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Bradburn v. Alarm Protection Technology, LLC

Supreme Court of Utah

July 17, 2019

Ryan Bradburn, Appellant,
v.
Alarm Protection Technology, LLC; Alder Holdings, LLC; Alder Protection Holdings, LLC; and Adam Schanz, Appellees.

          On Direct Appeal Fourth District, Provo The Honorable Kraig Powell No. 170400290

          Kamron Keele, Chicago, Illinois, for appellant

          Erik A. Olson, Jason R. Hull, Trevor C. Lang, Salt Lake City, for appellees

          Chief Justice Durrant authored the opinion of the Court, in which Associate Chief Justice Lee, Justice Himonas, Justice Pearce, and Justice Petersen joined.

          OPINION

          DURRANT, CHIEF JUSTICE

         Introduction

         ¶1 Ryan Bradburn worked for Alarm Protection Technology (APT) as a sales representative in the summer of 2015. After his employment ended, he sued APT for alleged unpaid commissions. APT, executing on a confession of judgment it had previously obtained from Mr. Bradburn, initiated a constable sale and purchased Mr. Bradburn's right to sue APT. After obtaining his right to sue, APT substituted itself into this case for Mr. Bradburn and dismissed all claims against itself. Mr. Bradburn argues that the district court erred in allowing APT to substitute itself as the plaintiff and extinguish the claims against it. Because we find that the district court did not abuse its discretion in permitting APT's substitution as plaintiff, we affirm.

         Background

         ¶2 Alarm Protection Technology is an alarm services company that sells alarm systems mainly through door-to-door sales. Mr. Bradburn worked for APT as a sales representative after signing an agreement in June 2013. In December 2014, Mr. Bradburn signed a confession of judgment and a promissory note in APT's favor for $24, 000 in exchange for advances on his commission. He stopped working for APT in June 2015.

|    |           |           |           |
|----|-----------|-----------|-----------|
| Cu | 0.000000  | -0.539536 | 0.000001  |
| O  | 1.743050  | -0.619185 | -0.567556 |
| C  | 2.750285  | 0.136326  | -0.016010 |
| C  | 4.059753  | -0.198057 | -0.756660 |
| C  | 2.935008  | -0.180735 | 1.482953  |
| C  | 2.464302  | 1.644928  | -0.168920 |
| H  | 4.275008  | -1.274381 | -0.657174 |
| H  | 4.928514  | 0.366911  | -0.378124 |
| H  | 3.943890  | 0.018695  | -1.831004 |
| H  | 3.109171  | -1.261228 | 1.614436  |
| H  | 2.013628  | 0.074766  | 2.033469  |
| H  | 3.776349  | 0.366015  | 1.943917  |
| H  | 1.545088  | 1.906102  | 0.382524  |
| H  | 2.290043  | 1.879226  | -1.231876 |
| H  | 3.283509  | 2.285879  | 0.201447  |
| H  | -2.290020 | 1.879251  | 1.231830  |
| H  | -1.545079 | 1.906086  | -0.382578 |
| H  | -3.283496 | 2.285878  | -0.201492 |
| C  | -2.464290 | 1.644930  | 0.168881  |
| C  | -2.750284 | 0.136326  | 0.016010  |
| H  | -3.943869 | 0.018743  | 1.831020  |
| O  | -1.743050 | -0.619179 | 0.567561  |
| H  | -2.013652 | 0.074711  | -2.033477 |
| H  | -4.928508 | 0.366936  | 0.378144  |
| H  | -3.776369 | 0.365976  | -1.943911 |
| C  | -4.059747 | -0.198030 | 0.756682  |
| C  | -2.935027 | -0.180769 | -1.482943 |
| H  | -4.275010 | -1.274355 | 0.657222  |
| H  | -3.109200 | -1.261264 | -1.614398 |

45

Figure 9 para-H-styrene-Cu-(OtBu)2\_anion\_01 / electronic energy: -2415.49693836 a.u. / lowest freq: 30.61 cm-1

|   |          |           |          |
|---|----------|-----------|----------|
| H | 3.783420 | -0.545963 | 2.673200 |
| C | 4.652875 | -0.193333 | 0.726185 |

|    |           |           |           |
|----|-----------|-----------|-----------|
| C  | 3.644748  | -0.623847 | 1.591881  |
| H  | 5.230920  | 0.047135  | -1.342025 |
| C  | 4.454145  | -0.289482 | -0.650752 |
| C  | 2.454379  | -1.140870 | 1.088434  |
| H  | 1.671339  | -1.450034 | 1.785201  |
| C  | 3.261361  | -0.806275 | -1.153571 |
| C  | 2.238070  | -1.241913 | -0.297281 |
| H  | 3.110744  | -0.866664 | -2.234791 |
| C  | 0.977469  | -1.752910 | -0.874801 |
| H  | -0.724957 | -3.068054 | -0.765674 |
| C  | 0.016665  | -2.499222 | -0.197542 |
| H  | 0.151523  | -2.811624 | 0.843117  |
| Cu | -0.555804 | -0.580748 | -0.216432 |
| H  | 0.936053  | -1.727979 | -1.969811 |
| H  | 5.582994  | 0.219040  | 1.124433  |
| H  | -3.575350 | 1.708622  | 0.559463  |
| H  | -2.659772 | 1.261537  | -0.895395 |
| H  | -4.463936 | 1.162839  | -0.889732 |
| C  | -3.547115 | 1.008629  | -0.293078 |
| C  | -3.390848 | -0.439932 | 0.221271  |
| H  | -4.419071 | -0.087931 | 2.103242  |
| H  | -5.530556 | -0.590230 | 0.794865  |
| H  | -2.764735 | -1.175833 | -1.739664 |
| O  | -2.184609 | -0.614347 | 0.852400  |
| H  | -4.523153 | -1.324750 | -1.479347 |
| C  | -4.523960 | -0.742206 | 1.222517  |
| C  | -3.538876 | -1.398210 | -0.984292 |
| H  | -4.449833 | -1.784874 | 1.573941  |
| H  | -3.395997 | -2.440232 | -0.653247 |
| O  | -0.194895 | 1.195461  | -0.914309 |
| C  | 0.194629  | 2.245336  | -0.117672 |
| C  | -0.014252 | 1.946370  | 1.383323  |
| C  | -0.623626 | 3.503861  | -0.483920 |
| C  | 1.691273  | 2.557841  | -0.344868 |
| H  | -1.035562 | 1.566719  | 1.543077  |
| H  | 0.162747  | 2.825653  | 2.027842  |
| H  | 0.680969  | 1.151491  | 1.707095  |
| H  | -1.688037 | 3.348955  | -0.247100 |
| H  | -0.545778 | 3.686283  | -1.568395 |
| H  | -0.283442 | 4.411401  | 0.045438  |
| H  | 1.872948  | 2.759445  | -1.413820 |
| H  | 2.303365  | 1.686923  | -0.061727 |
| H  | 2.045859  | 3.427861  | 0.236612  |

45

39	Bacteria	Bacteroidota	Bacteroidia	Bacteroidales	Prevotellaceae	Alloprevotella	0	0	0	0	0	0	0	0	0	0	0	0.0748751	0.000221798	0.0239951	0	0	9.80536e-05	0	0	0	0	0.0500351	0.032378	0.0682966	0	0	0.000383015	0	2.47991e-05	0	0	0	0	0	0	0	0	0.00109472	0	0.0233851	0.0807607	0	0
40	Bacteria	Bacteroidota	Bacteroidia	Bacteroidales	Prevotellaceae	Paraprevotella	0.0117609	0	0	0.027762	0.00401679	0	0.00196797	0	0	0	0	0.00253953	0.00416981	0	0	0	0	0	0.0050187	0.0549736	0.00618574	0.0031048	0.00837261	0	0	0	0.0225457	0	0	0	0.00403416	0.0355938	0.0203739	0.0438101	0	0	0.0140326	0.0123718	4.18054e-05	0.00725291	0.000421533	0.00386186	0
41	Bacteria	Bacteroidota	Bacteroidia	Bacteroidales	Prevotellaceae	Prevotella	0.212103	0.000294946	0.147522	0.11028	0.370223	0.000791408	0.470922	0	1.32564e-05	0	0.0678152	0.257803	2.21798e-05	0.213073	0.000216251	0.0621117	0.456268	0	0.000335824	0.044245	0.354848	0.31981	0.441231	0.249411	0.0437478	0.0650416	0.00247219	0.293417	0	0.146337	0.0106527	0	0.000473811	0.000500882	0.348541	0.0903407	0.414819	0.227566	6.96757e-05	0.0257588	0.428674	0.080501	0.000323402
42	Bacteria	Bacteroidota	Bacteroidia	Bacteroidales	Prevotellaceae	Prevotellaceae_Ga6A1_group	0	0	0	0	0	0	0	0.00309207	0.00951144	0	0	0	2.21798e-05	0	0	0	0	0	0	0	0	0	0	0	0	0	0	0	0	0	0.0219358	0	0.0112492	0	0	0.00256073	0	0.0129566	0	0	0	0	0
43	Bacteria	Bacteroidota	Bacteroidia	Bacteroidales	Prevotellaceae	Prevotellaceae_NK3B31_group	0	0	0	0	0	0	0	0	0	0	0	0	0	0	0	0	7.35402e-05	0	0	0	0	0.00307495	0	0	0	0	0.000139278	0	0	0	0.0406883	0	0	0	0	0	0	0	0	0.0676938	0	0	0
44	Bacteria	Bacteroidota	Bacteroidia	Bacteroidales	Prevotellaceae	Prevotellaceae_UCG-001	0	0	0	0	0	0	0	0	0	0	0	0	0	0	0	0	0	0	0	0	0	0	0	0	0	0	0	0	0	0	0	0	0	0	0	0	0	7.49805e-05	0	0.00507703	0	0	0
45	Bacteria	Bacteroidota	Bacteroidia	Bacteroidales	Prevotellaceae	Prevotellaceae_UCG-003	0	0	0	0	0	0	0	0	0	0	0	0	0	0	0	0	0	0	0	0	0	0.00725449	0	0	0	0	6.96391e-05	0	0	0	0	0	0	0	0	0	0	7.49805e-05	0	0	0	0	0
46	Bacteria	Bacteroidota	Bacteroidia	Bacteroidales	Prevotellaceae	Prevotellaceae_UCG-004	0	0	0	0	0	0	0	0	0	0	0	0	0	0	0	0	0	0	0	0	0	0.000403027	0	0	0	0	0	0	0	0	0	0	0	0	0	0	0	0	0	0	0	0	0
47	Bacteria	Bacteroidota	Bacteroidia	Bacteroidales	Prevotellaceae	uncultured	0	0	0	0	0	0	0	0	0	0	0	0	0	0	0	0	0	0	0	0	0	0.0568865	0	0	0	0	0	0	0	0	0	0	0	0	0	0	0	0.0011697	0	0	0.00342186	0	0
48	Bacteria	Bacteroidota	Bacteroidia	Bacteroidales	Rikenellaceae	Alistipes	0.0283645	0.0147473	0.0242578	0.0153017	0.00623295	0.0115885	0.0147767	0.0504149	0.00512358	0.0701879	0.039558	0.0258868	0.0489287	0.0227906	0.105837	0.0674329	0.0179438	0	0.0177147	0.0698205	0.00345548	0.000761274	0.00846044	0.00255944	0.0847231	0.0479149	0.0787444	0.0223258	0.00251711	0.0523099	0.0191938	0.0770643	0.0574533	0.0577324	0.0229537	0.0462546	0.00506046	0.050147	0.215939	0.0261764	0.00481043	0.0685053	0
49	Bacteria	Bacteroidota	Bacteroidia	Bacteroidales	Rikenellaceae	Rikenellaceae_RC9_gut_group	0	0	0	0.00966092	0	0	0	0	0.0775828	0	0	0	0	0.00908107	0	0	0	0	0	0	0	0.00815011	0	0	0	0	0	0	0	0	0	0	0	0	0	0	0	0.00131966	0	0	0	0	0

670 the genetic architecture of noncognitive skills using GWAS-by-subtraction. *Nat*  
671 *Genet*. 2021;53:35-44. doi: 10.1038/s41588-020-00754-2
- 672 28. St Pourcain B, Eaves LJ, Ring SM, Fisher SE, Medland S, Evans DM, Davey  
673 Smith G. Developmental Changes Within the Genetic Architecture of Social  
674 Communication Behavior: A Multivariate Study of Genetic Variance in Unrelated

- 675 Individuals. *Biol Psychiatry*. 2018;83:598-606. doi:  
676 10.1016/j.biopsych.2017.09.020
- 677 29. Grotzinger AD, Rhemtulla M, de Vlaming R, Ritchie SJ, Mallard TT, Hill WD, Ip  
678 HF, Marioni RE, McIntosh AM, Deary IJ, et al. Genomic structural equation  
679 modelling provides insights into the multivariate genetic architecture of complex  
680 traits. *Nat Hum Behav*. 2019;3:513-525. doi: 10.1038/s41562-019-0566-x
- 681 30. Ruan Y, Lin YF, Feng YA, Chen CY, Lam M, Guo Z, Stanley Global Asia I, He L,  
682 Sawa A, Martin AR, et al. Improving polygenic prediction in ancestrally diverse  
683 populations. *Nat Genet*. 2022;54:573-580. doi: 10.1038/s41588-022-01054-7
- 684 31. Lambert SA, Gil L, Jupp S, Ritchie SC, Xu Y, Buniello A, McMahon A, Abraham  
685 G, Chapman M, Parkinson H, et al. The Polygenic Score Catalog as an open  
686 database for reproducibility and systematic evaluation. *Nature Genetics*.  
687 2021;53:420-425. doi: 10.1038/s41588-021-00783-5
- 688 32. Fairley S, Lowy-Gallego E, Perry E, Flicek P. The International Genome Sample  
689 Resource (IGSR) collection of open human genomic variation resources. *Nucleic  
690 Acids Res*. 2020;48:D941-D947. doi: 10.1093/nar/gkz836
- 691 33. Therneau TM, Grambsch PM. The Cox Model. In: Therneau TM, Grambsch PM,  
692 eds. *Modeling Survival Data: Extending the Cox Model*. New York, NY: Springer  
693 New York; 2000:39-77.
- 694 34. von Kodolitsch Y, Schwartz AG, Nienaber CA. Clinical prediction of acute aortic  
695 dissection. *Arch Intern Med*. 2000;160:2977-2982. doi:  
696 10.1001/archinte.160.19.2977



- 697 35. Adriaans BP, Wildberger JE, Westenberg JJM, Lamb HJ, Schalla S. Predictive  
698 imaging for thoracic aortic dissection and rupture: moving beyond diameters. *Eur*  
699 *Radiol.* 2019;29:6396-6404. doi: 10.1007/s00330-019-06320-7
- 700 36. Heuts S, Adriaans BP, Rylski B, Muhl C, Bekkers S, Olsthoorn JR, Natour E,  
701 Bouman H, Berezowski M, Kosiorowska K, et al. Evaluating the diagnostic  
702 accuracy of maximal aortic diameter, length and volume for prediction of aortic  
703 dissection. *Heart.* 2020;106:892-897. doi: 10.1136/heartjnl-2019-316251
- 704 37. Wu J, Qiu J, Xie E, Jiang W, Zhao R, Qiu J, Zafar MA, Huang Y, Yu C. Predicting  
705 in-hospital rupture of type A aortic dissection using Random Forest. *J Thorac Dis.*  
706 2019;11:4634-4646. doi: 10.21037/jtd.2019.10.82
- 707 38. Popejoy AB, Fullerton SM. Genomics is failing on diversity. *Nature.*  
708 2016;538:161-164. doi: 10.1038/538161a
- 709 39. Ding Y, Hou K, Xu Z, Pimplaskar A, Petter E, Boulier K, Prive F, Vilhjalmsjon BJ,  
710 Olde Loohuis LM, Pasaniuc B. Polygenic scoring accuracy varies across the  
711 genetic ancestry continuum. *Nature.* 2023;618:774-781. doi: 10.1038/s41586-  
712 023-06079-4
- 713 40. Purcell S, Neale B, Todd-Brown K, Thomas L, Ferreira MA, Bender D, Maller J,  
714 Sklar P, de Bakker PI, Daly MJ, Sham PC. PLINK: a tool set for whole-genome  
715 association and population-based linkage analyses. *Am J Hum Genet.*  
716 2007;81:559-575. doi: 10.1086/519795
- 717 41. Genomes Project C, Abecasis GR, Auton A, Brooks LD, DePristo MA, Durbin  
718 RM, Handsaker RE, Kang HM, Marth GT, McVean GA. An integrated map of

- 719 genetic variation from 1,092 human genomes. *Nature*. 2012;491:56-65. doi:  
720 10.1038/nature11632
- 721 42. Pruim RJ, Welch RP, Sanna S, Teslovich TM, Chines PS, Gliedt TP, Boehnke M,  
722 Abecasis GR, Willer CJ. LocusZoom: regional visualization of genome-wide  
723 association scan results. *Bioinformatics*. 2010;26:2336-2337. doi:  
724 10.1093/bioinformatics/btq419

¶3 On March 1, 2017, Mr. Bradburn filed suit against APT in our fourth judicial district, alleging "causes of action for violation of the Utah Sales Representative Commission Payment Act, breach of contract, unjust enrichment, quantum meruit, and promissory estoppel." He alleged $348, 434 in unpaid commissions and treble damages, all totaling $1, 045, 302. Later that day, APT filed the December 2014 confession of judgment and promissory note in the third district. The case file in third district "does not reflect that APT served or notified Bradburn of th[at] filing." In May 2017, the third district court entered judgment against Mr. Bradburn for $24, 000 pursuant to the promissory note and confession of judgment. APT then filed a notice of entry of judgment and served notice on Mr. Bradburn.

         ¶4 After entry of judgment, APT sought a writ of execution requesting a constable sale of all Mr. Bradburn's "rights, claims, interest and choses in action"[1] against APT and its affiliates. He moved to quash or stay the writ of execution. The district court granted the stay in part, allowing him the opportunity to file a rule 60(b) motion instead.[2] He then filed a rule 60(b) motion seeking to vacate the judgment or stay the execution. The district court denied his motion after two days of evidentiary hearings. He did not appeal that denial.

         ¶5 The next month, APT served Mr. Bradburn with notice of a constable sale. At that sale, APT purchased his choses in action against APT and its affiliates for $2, 500. Mr. Bradburn alleges he did not have the money to bid on his own choses in action because he had not been paid his commission. There were no other bidders at the sale. He did not move to vacate the sale.

         ¶6 The next day, APT filed a notice of transfer of claims and a motion to substitute itself as the only plaintiff in Mr. Bradburn's pending action against APT. The district court granted the motion to substitute, which precluded Mr. Bradburn from further participation in the case. APT then extinguished all claims against itself and the other defendants in the case. Mr. Bradburn now appeals from that order granting APT's substitution.

         ¶7 Mr. Bradburn timely appealed to this court. We have jurisdiction pursuant to Utah Code section 78A-3-102(3)(j).

         Standard ...


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